Hillary Clinton and Donald Trump today enter the final 100 days of an extraordinary presidential campaign, with the former on a methodical march to energise President Barack Obama's coalition and appeal to the broad mainstream and the latter charting an unconventional path driven by a message of change.
The two nominees and their running-mates will spend August in predictable ways: fleshing out their ideas for governing and mobilising voters in such battlegrounds as Ohio and Pennsylvania.
"The Clinton strategy is to run the traditional race," Republican strategist Russ Schriefer said. "Develop a ground game. Do your data and analytics. Run television ads. Do policy speeches. Meet with different interest groups that add to your coalition." By contrast, he said, "the Trump campaign is going to continue holding big rallies and tweeting". He noted that the celebrity mogul has been effective at communicating this way.
Clinton and running-mate Senator Tim Kaine are on the second day of a bus tour of Pennsylvania and Ohio that is focused on Clinton's plan to add jobs and encourage US manufacturing. They are visiting advanced manufacturing facilities - bright spots in states that have seen an exodus of blue-collar jobs - as they take on Trump where he expects to be strongest.
Trump, to rebut criticism from Clinton that he has no detailed agenda to govern the country, intends to deliver policy speeches in August. The speeches will be aimed at impressing ordinary voters more than think-tank experts, aides said.
Clinton's strategists said they can convince voters that Trump's change is so radical that a vote for him amounts to a Faustian bargain that could compromise American values.
With the Olympics opening next weekend and many Americans thinking more about holidays than politics, the dynamics of the race are likely to be stable until the first presidential debate in September.
Clinton's campaign and its allies are outspending Trump and his backers on the airwaves US$57 million to US$4 million.
The campaigns are strategising their paths to 270 electoral votes. Both sides agree that the battlegrounds include the industrial Midwest and a trio of southern states: Florida, North Carolina and Virginia. Trump feels bullish about New Hampshire because it was one of his biggest primary wins and one of Clinton's worst losses. The two are fighting over Iowa, Colorado and Nevada. Clinton is targeting North Carolina, which went for Obama in 2008 and Mitt Romney in 2012, as a way to narrow Trump's path. Trump sees Michigan and Wisconsin, states Obama carried twice, as possible pickups that would scramble Clinton's calculus. These states are chock full of Trump's base voters: working-class whites beset by changes in the global economy.
The Electoral College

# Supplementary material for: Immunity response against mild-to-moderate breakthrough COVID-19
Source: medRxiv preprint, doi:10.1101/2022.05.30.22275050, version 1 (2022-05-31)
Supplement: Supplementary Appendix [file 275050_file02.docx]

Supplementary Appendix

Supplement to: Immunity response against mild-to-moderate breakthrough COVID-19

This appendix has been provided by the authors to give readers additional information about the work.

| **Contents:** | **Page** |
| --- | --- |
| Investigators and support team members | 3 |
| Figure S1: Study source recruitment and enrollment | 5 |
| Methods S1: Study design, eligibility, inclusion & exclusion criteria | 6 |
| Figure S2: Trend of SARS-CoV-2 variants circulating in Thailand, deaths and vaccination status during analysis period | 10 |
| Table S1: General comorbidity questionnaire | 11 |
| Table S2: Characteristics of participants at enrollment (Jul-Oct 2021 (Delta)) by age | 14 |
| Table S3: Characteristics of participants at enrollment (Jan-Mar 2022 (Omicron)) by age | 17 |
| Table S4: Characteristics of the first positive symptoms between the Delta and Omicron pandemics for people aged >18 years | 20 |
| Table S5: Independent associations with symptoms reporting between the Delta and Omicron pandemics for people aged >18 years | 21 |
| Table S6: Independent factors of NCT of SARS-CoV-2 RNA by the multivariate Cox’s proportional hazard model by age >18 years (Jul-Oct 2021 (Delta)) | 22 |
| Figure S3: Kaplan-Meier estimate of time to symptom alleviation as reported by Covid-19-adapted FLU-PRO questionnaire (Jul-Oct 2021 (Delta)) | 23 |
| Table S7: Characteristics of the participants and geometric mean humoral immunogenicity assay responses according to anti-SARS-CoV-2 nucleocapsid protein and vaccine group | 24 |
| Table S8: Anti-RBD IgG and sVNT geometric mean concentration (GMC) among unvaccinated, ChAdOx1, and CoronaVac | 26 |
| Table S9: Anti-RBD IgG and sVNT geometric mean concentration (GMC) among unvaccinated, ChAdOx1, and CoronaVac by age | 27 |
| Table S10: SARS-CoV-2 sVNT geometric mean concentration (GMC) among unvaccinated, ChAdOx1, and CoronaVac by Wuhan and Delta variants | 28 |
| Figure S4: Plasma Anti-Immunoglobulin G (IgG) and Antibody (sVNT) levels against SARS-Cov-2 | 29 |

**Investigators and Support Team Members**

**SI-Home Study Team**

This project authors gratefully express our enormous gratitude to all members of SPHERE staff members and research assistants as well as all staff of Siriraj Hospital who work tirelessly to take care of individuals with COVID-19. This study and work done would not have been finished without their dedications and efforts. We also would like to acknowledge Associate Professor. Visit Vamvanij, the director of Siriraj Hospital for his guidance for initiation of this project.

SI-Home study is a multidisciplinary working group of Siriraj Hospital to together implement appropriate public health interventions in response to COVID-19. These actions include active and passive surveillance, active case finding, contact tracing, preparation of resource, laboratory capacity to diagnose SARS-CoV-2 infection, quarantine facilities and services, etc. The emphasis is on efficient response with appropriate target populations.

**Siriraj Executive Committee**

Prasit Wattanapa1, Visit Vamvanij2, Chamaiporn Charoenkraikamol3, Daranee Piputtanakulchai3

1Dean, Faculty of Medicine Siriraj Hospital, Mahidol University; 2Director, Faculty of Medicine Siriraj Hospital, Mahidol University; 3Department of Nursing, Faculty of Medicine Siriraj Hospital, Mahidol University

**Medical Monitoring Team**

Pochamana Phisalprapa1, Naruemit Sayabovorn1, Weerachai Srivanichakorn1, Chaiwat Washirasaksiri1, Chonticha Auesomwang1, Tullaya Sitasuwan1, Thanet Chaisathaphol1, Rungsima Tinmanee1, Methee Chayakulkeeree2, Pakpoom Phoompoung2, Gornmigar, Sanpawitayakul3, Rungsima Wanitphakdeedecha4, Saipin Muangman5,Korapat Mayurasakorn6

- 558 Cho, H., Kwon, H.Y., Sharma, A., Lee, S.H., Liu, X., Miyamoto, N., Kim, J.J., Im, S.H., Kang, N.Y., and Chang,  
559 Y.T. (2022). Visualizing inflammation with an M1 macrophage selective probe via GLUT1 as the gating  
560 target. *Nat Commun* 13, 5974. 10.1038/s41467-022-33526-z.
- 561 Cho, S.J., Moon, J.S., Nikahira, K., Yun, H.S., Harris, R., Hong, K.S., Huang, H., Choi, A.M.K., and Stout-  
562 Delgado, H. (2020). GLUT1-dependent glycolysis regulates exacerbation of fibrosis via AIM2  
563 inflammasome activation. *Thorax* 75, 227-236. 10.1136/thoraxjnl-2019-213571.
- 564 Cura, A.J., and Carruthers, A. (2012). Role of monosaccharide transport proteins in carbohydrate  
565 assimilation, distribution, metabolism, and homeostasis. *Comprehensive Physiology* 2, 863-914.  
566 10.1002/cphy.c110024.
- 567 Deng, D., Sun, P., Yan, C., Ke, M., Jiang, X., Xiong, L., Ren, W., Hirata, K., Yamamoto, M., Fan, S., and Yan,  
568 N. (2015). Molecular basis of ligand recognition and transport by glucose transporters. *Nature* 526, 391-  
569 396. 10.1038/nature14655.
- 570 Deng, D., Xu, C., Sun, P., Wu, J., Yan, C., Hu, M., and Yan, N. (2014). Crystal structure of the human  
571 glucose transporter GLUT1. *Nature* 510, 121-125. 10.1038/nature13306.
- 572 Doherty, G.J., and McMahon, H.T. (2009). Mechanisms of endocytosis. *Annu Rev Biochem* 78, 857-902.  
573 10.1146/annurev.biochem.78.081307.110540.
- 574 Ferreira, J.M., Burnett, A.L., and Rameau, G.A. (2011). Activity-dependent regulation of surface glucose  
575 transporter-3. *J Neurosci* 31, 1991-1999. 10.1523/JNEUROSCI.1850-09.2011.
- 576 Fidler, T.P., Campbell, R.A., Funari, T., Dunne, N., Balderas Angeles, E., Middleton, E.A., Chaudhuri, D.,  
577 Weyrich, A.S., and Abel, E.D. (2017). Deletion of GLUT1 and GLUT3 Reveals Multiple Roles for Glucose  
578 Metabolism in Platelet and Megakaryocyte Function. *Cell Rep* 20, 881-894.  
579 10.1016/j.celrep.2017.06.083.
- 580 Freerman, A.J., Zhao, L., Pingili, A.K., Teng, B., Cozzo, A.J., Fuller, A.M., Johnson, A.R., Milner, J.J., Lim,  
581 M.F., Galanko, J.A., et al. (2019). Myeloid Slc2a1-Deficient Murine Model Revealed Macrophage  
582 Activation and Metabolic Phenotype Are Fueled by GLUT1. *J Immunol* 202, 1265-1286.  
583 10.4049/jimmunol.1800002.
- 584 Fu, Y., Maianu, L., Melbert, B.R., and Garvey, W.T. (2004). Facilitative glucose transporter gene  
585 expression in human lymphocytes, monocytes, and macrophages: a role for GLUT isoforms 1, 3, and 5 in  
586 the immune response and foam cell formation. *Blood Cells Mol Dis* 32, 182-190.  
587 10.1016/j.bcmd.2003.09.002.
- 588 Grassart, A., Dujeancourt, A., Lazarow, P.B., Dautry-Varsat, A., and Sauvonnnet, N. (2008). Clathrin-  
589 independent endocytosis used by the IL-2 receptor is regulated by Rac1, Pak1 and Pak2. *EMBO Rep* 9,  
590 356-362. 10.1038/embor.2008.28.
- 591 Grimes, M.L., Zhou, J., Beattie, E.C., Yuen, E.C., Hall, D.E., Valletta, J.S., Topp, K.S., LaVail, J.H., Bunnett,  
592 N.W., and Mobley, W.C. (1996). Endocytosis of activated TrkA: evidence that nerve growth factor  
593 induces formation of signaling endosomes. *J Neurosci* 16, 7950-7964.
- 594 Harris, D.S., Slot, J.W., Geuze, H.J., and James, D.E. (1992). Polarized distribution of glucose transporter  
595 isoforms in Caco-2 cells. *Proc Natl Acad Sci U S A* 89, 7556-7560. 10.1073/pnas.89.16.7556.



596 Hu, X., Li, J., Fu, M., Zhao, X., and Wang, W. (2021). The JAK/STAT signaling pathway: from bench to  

EC votes to win the presidency. States have set EC vote amounts.
242 votes have been won consistently by Democrats since 1992. This means Democrat Hillary Clinton has an easier path to 270.
179 votes from 13 likely Democratic states: Washington DC, California, Vermont, Maryland, New York, Hawaii, Massachusetts, Washington state, Rhode Island, New Jersey, Oregon, Connecticut, Illinois.
184 votes from 16 competitive states: Maine, Delaware, Minnesota, Wisconsin, Colorado, Michigan, New Mexico, Virginia, Pennsylvania, Nevada, Iowa, Ohio, Florida, New Hampshire, North Carolina, Georgia.
175 votes from 22 likely Rebublican states: Alaska, Texas, Arizona, Montana, Indiana, Mississippi, North Dakota, Missouri, South Carolina, Arkansas, Louisiana, Utah, Idaho, Kentucky, South Dakota, Tennessee, Nebraska, Kansas, Wyoming, Alabama, Oklahoma, West Virginia.
New York Times 70% Dem; FiveThirtyEight 53% Dem; Princeton Election Consortium 83% Dem; PredictWise 69% Dem.
BATTLE GROUND STATES
The big prizes in play:
Florida (29 votes) A quarter of Floridians are Hispanic, a heavily Democratic voting bloc. Donald Trump won well in the primaries against Florida Senator, Marco Rubio, and has a home there.
Pennsylvania (20) Democrats have won this for decades - the last five elections. The latest polls show Clinton leading by 9 points. Trump is targeting struggling towns and old coal mining areas.
Ohio (16) Bill Clinton won Ohio twice. The state's Republican Governor, John Kasich, hasn't endorsed Trump and avoided the Cleveland convention. Some parts of the state could warm to Trump's rhetoric on trade.
Other states to watch:
North Carolina (15) Known in recent times as the state that banned transgender bathrooms. Clinton will be able to count on a sizable black population. Mitt Romney won in 2012.
Virginia (13) Clinton's running-mate, Senator Tim Kaine, is from Virginia and the state's Governor Terry McAuliffe is an old friend. Local political scientist Dr Larry Sabato thinks the Kaine pick makes the state safer for Clinton. The northern area has many highly educated voters who tend to dislike Trump. But he should do better in the rural regions.
Wisconsin (10) Has voted Democrat for more than 25 years. But the state is home to high-profile Republican officials - Governor Scott Walker, House Speaker Paul Ryan, and party chairman Reince Priebus.
Colorado (9) The state, which is 20 per cent Hispanic, has been Democrat in the last two elections.
Iowa (6) Democrats have won six of the last seven elections. It has evangelical voters.
New Hampshire (4) Gave Trump his first primary victory. Clinton lost to Bernie Sanders.